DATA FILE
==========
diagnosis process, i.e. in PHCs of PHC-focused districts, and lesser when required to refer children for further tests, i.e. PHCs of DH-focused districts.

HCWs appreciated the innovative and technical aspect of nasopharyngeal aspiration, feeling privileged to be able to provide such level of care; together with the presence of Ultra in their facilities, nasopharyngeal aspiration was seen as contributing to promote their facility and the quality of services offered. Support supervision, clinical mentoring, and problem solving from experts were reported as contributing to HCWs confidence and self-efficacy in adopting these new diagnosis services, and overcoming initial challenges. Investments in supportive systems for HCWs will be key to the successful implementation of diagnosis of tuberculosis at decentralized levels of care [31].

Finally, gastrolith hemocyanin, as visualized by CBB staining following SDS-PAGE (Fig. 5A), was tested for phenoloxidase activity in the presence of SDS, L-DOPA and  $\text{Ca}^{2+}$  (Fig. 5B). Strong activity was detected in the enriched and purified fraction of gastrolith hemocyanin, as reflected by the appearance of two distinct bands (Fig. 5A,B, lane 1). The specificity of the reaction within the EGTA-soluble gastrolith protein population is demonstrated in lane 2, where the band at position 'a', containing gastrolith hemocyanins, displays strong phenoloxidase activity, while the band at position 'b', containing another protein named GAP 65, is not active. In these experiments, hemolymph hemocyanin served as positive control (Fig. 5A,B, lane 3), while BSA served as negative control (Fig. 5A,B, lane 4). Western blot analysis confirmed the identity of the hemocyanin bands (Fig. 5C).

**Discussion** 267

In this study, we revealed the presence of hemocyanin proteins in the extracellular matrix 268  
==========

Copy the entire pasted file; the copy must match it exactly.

diagnosis process, i.e. in PHCs of PHC-focused districts, and lesser when required to refer children for further tests, i.e. PHCs of DH-focused districts.

HCWs appreciated the innovative and technical aspect of nasopharyngeal aspiration, feeling privileged to be able to provide such level of care; together with the presence of Ultra in their facilities, nasopharyngeal aspiration was seen as contributing to promote their facility and the quality of services offered. Support supervision, clinical mentoring, and problem solving from experts were reported as contributing to HCWs confidence and self-efficacy in adopting these new diagnosis services, and overcoming initial challenges. Investments in supportive systems for HCWs will be key to the successful implementation of diagnosis of tuberculosis at decentralized levels of care [31].

Finally, gastrolith hemocyanin, as visualized by CBB staining following SDS-PAGE (Fig. 5A), was tested for phenoloxidase activity in the presence of SDS, L-DOPA and  $\text{Ca}^{2+}$  (Fig. 5B). Strong activity was detected in the enriched and purified fraction of gastrolith hemocyanin, as reflected by the appearance of two distinct bands (Fig. 5A,B, lane 1). The specificity of the reaction within the EGTA-soluble gastrolith protein population is demonstrated in lane 2, where the band at position 'a', containing gastrolith hemocyanins, displays strong phenoloxidase activity, while the band at position 'b', containing another protein named GAP 65, is not active. In these experiments, hemolymph hemocyanin served as positive control (Fig. 5A,B, lane 3), while BSA served as negative control (Fig. 5A,B, lane 4). Western blot analysis confirmed the identity of the hemocyanin bands (Fig. 5C).

**Discussion** 267

In this study, we revealed the presence of hemocyanin proteins in the extracellular matrix 268  